Cary worked his way up to becoming a paramedic while I continued my studies, first working as a 911 first-responder as well as hospital transport for clinical patients in his area. But his real dream was always to move from regular emergency response to a specialized response, to join a specialized flight paramedic squad responsible for dire cases across the state. He's doing many of the same tasks he was doing in ambulances before, but now it's thousands of feet up in the air in the back of a helicopter. After the first two years of our marriage, he actually landed a coveted spot on a flight squad in Richmond, and we both found our own calling in the city.
Despite just how different our roles on the frontline actually are, we're both working on very small, specialized teams, and I've taken just as many preventative precautions as Cary's flight team has since the pandemic began. Because I'm analyzing highly infectious samples every single day, we are taking new precautions with respiratory samples. I'm used to a lab coat and gloves, but I'm also utilizing face masks and shields more than ever before — and we've upped our sterilization routine in the lab to be completed every four hours instead of the standard eight.
But PPE isn't enough to keep us safe from potentially infectious COVID-19 aerosols being released in the air around us. We're only opening those samples in a biological safety cabinet, which looks exactly like what you'd think it does; a big sealed-off glass box with a vent attached, where we can only use our hands to work. The hood pulls any infectious air away from the work space, just so that it doesn't come back up into our faces. This space is essential for processing COVID-19 tests, but it's just one of the many tools we're using in the lab as the race for a new form of treatment goes on. We've heard that some of the preliminary drugs being used to treat COVID-19 patients may actually impact a certain enzyme that is naturally produced by our bodies — glucose-6-phosphate dehydrogenase, to be exact. The test my lab is currently working on is making sure any drugs used to treat COVID-19 aren't impacting this enzyme, which could produce adverse side effects that could be detrimental to patients.
My team and I need more than a biological safety cabinet to keep steady in our laboratory. Understandably, everyone working in the hospital all has a lot to worry about right now — I'm not the only one with family in direct danger, after all. The hospital has instituted a new health check that has nothing to do with taking temperatures or asking us to sanitize our hands and belongings. When we come into work every morning, we flash a thumbs-up sign to hospital personnel if we are healthy and ready to work — mostly, though, it's a sign that we're mentally sound to come in for another day of a new reality. In addition to any physical concerns, if we're not feeling well emotionally, our managers have told us they'll give us the time off that we need. I haven't taken any time just yet, but I might if I need to, if something happens down the line. For my colleagues outside of the laboratory, on the other hand, flashing that thumbs up might be harder than ever.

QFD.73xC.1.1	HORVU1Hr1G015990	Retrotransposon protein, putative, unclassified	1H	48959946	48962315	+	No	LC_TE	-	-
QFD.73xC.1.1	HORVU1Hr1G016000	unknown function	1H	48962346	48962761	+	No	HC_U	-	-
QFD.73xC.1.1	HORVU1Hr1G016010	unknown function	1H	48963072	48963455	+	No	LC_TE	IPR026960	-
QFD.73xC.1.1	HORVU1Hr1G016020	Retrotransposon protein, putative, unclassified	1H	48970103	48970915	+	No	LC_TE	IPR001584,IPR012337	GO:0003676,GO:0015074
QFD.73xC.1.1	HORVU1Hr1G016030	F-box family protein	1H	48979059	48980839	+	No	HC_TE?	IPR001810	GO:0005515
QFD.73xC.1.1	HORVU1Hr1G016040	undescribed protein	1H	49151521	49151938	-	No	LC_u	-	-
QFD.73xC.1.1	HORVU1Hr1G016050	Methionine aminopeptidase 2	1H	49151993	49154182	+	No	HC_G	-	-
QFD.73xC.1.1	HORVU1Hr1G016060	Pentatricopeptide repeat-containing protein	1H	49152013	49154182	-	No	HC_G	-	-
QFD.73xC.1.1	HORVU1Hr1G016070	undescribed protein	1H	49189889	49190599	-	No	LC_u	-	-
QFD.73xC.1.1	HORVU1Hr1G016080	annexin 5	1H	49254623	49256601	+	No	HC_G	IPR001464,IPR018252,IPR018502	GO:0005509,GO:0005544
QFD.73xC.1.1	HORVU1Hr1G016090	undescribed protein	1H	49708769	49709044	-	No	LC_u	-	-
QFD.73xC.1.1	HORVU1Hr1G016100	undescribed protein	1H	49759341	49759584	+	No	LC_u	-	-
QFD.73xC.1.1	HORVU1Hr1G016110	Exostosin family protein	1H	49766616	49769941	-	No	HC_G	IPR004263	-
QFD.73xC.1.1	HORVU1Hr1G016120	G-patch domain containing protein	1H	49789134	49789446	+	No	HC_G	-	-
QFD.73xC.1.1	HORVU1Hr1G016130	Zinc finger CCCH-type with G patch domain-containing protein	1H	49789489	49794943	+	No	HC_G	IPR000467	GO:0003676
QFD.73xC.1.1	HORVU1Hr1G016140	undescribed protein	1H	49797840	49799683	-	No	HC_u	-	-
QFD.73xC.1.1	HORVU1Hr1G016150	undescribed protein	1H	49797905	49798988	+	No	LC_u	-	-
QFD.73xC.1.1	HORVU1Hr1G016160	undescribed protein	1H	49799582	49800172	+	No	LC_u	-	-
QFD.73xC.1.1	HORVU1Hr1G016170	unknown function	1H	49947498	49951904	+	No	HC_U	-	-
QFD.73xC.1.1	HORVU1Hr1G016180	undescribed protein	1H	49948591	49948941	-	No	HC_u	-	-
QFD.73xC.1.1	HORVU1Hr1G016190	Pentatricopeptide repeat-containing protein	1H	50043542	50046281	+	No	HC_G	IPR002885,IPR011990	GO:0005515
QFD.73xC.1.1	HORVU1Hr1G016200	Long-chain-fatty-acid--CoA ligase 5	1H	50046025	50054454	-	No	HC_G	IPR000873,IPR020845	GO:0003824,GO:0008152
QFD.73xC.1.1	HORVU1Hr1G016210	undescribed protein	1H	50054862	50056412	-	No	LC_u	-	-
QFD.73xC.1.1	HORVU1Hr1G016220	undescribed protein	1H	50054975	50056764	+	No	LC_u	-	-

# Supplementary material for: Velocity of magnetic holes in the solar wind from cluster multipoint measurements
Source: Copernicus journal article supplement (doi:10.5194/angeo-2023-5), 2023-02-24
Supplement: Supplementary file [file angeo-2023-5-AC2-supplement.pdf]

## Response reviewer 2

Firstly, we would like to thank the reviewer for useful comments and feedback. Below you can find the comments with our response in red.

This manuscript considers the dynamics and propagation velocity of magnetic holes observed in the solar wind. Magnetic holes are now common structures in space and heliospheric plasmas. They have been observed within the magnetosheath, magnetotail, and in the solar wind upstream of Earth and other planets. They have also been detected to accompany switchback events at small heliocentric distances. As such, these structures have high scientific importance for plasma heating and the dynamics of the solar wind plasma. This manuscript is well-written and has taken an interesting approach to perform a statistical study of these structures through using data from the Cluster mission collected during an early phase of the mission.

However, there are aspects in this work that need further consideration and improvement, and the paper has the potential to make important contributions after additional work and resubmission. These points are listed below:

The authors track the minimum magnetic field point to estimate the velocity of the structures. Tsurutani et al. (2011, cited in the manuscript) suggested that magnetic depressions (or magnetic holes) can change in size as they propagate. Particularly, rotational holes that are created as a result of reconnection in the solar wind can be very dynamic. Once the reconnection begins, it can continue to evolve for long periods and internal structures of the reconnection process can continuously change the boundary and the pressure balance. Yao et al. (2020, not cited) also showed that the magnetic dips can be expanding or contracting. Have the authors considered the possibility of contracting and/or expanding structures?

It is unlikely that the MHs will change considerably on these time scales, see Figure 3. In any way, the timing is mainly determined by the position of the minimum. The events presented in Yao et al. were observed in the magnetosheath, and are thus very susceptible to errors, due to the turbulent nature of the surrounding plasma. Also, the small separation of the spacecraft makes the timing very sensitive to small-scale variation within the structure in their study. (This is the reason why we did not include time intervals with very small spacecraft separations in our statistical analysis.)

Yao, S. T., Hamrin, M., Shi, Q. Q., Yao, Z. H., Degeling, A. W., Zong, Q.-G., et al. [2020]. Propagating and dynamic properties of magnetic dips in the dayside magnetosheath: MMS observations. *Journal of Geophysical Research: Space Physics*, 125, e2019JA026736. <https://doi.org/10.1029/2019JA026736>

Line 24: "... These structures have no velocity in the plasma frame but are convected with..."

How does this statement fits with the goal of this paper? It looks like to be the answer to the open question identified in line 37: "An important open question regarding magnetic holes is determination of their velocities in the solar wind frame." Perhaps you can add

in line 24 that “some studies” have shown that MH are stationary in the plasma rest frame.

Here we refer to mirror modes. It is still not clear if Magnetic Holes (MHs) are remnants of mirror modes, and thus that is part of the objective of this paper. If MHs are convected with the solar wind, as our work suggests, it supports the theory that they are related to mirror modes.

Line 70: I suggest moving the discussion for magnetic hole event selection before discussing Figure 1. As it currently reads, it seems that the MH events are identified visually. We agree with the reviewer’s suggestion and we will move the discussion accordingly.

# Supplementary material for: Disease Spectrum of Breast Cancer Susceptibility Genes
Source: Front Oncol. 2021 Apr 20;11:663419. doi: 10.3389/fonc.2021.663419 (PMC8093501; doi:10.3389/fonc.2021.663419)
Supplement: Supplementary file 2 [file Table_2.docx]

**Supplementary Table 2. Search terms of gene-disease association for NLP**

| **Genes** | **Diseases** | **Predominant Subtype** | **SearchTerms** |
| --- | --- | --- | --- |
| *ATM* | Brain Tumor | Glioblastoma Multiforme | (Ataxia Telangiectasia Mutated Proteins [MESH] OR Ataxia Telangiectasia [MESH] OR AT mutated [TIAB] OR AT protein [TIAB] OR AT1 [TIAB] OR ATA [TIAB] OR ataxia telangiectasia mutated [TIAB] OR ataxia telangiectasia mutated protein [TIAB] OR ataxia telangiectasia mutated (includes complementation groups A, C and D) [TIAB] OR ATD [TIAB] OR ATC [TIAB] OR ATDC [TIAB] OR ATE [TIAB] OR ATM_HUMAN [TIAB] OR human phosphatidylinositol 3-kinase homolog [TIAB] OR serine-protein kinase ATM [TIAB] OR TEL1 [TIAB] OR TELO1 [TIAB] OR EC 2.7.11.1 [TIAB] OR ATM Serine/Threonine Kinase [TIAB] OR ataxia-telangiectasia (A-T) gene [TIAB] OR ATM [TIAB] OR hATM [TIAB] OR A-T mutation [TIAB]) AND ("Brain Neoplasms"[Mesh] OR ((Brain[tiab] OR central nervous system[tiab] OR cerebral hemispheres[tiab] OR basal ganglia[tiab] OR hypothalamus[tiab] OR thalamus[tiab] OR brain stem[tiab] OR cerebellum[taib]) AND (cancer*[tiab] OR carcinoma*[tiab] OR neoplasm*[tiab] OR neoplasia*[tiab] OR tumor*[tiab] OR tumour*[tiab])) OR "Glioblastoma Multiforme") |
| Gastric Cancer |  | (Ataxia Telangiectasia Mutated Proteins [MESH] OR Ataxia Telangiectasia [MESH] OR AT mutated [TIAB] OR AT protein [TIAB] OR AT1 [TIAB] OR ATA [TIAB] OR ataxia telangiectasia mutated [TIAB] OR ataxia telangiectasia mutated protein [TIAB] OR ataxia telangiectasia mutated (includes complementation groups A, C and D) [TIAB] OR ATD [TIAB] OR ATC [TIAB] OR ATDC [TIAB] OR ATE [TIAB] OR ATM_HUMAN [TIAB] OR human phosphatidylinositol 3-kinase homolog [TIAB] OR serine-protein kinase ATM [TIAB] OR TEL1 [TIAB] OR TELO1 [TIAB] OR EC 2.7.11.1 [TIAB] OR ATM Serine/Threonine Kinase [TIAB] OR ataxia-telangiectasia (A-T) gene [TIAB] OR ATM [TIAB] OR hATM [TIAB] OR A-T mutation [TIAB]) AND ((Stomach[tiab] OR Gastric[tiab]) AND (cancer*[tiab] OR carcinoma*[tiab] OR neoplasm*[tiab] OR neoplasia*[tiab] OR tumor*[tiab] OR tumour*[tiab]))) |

To say that nurses are doing a fantastic job is a gross understatement, as the challenges they face are tremendous. Patients in my hospital can't have any visitors right now, even if they are being treated for an emergency, non-COVID-related issue. There are only a few very specific exceptions to that rule, as a patient would have to be really bad off to have a limited visit right now. But it feels like every patient is indeed really suffering, right? So nurses have stepped up to do everything they can to combat that hopeless feeling of you being separated from all of your loved ones. That's in addition to pulling up their sleeves to do everything they can to minimize symptoms, despite the fact that we don't really have a solid form of treatment just yet.